The Wonder Woman film has been met with a wide array of praise and criticism. Almost all of it has been entirely earned. A powerful depiction of powerful women that doesn’t break too much from the recent superhero mould, the movie is at once inspiring and underwhelming, and I say this as someone who’s seen it three times. But one of the criticisms that stood out for me was the amount of time dedicated to Diana’s love interest and (arguably) co-protagonist of the film, Steve Trevor. A somewhat condescending-yet-
smirkworthy companion, Chris Pine’s Steve seems to occupy just a bit too much time and take a lion’s share of the heroics (adventures into No Man’s Land notwithstanding).
Variant cover for Wonder Woman: Steve Trevor by Yannick Paquette.
So, in an effort to capitalize on Trevor’s heightened popularity from the film, DC has released Wonder Woman: Steve Trevor, an annual pointed squarely at people who liked Wonder Woman who aren’t really interested in Diana (or the three other origin stories about her published in the past 18 months). DC also wanted to include the three new characters from the film (Sameer, Charlie and Dapi) but needed a way to hammer them into the current Rebirth continuity. Enter Steve Trevor on a mission that reunites him with his old friends. And while they may no longer be the heroes of World War I, they are essentially the same characters with a bit more modern clothing.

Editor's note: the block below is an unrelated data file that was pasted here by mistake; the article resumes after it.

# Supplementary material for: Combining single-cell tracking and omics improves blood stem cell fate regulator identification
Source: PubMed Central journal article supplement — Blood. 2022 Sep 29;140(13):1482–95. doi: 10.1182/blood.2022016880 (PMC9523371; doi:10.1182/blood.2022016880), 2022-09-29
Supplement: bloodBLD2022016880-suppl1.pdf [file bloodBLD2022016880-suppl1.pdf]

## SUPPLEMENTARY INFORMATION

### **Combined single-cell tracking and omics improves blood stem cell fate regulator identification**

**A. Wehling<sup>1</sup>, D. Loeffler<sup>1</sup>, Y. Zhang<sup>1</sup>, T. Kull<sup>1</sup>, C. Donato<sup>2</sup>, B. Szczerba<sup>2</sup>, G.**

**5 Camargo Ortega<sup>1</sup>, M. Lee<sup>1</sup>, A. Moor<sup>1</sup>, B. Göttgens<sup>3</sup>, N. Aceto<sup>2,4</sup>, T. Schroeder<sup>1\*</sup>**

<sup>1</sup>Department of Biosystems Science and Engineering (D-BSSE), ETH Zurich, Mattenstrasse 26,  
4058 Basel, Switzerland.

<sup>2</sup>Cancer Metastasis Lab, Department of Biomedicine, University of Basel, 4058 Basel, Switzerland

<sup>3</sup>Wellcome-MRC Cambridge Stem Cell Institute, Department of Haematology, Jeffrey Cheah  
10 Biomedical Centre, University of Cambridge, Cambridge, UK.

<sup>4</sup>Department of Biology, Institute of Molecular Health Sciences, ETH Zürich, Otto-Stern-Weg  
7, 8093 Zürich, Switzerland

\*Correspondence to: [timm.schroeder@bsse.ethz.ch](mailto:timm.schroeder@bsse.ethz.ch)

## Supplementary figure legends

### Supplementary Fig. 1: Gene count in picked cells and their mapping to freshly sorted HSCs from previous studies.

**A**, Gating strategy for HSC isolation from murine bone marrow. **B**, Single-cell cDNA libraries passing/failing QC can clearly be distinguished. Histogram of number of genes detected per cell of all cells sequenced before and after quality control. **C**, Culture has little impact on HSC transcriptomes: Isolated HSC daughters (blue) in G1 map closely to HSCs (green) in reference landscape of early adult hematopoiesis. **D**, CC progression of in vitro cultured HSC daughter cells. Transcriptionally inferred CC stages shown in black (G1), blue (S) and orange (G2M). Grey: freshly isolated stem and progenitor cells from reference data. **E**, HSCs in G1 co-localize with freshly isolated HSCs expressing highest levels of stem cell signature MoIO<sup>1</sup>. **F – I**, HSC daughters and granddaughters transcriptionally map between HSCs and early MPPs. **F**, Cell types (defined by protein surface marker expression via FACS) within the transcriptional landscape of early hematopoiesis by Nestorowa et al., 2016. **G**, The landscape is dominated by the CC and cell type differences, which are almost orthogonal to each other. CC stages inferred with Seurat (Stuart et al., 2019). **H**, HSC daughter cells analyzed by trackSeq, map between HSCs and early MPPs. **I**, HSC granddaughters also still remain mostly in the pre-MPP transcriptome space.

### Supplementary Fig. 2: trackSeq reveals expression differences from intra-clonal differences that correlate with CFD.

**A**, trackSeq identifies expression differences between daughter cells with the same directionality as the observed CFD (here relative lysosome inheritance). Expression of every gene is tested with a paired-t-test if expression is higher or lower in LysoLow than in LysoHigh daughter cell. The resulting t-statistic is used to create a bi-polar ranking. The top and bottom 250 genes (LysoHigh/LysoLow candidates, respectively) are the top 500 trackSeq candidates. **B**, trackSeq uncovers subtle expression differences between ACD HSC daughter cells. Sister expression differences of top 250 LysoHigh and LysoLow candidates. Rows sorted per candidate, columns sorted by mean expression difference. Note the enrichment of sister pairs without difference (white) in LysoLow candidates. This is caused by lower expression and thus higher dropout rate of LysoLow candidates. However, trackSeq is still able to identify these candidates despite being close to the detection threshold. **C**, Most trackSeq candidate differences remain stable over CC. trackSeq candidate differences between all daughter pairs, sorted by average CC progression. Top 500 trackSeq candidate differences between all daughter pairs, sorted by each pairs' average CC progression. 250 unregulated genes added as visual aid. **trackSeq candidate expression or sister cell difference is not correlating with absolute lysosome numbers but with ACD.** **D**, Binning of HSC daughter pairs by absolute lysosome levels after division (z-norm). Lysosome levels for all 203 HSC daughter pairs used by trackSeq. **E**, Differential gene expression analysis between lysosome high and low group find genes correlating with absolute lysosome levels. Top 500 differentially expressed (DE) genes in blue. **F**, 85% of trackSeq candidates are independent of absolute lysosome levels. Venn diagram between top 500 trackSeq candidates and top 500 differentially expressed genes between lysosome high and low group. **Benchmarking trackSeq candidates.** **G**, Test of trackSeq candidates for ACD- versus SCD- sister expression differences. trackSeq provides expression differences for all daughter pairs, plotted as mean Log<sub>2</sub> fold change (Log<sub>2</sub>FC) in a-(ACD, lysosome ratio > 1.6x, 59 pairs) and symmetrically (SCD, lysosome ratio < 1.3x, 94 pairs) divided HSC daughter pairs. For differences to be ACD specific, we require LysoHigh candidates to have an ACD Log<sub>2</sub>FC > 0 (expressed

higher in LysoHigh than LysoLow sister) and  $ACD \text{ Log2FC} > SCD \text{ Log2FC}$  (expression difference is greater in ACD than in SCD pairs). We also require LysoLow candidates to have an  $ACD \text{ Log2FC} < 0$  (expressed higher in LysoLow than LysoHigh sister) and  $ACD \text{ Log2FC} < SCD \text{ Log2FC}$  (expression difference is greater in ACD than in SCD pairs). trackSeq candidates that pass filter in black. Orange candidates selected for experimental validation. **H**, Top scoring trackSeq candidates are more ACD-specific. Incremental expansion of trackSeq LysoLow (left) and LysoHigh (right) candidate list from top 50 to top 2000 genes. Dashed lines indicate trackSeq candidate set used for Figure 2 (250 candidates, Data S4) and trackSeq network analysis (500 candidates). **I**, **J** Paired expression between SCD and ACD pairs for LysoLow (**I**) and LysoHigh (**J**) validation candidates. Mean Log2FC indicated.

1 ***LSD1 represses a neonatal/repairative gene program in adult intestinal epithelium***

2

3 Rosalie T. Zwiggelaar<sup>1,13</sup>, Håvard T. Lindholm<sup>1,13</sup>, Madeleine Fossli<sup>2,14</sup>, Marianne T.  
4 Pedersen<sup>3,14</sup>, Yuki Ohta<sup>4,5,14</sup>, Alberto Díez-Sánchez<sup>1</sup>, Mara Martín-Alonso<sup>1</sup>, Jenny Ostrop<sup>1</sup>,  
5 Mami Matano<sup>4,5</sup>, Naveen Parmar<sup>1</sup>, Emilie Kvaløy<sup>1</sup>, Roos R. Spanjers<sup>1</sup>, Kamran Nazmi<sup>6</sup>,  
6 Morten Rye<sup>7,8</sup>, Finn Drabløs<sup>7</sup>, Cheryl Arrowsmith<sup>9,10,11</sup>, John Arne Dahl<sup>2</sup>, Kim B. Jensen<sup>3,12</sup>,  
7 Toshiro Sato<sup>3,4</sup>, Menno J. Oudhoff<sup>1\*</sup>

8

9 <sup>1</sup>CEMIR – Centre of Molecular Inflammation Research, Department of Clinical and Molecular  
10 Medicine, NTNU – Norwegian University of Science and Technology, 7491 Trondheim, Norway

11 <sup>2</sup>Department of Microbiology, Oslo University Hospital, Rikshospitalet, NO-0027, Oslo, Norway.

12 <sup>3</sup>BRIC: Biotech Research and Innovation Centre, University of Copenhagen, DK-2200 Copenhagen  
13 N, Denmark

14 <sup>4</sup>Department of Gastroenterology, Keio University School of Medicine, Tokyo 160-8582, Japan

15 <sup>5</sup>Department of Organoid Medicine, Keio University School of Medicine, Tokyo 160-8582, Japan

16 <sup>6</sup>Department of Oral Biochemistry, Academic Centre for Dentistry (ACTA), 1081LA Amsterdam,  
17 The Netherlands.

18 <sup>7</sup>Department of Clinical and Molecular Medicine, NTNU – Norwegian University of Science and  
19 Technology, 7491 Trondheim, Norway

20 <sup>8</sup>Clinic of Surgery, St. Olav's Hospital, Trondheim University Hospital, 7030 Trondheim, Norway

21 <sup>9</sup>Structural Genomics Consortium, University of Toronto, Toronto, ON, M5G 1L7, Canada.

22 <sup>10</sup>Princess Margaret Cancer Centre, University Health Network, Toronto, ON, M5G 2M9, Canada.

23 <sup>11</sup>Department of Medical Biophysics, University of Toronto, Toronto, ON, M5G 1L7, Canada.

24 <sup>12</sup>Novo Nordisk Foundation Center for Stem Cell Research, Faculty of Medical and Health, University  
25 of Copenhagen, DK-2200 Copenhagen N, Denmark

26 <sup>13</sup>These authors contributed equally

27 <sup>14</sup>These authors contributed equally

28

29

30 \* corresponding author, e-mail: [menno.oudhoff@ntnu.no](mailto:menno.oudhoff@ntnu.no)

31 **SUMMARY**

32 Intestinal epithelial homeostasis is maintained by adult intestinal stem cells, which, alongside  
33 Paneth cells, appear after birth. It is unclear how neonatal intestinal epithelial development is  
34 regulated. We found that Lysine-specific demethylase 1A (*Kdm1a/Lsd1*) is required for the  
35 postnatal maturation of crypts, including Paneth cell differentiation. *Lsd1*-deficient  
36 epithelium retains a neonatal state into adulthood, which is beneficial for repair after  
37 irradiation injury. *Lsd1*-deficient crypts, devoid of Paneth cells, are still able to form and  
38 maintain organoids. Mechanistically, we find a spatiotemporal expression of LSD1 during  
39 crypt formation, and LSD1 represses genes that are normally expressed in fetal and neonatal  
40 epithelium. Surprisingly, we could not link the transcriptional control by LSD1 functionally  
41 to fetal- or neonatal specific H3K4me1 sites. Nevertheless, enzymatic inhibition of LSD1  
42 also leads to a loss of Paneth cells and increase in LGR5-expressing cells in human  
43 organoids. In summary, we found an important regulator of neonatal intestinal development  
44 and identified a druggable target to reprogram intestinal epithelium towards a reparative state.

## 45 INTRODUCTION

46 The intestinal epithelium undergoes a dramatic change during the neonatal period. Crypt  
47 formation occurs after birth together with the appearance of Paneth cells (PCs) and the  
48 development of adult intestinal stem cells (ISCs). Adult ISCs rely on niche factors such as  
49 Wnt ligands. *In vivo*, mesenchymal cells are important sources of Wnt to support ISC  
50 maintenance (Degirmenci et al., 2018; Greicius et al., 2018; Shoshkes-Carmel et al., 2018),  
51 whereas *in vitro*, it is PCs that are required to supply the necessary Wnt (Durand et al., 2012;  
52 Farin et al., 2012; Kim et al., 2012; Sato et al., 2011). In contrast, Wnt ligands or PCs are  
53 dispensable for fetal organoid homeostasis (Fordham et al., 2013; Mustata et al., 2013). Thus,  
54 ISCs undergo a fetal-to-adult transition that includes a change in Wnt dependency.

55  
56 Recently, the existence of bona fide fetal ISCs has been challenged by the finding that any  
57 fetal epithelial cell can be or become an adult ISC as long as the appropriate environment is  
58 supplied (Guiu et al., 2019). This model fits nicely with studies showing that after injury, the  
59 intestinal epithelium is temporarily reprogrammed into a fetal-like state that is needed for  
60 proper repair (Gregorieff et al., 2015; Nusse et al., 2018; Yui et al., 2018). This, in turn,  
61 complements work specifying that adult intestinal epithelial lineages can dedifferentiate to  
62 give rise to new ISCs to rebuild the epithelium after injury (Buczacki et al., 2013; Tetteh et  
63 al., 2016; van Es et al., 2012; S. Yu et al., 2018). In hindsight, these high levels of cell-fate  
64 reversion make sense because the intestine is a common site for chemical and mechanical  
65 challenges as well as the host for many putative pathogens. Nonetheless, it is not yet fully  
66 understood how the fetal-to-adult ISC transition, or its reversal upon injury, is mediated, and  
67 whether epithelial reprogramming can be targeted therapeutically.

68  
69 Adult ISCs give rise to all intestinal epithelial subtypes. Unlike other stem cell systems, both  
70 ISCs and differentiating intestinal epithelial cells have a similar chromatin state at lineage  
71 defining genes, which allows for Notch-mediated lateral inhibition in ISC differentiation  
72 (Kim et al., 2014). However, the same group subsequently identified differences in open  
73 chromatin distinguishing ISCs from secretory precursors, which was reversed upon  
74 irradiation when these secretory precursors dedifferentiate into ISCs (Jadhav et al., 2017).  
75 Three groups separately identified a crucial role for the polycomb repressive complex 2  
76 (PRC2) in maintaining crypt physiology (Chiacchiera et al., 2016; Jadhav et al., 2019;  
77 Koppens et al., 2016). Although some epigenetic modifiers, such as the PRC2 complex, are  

I’ll admit: seeing these characters again was delightful. Each one was so wonderfully acted in the film and their Band of Brothers sort of relationship made it simply nice to see them again. But beyond their presence, the story offers little to readers, new or old. While I understand that capitalizing on Wonder Woman’s success means one-offs like this, it’s hard to see it beyond its hand-sell potential. An approach to storytelling based on “Oh, you saw the movie and like her merry band of war heroes? Well try this, it has a bunch of the same characters.”
This is where Tim Seeley’s writing style, something I don’t usually care for, works. Seeley’s writing is purpose-first. Many of his plots feel like they were dictated by producers (or, in the case of comics, editors) and his writing often feels like he was left to fill in the blanks with some snappy dialogue and action. Certainly, that’s what happened here, with an annual that acts at once as a wishful thinking aside for the movie and an adjacent story to Rebirth. It's one last ride, the story of Steve and the band getting back together that could never happen given Steve's fate in the film, sort of sideways stare into the film that does away with the woman that managed to make them all a little less dysfunctional.
Unfortunately, the soldier
buddy buddy aesthetic lacks any real depth and reveals little else about the characters. We are expected to be joyful at the mere appearance of familiar faces, but
otherwise the story lacks any real sense of purpose. This is not to say that the story isn’t fun but I hardly think anyone will remember it after they finish either.
Unsurprisingly as well, the book fares better when Diana is around, either in Steve’s internal monologue or actually being physically present. Diana here has replaced the movie’s “bright-eyed and bushy-tailed” enthusiasm for confidence and experience, and her meta bantering with Steve is as much a highlight as the appearance of Steve’s war buddies. It made me long for a story about Diana told from Steve’s perspective rather than an aside with her as a framing device.
tl;dr review: Wonder Woman: Steve Trevor is a fun, light romp that is easily forgettable. It boasts some fantastic visuals but exists largely to introduce movie characters into Rebirth, with little weight or consequence.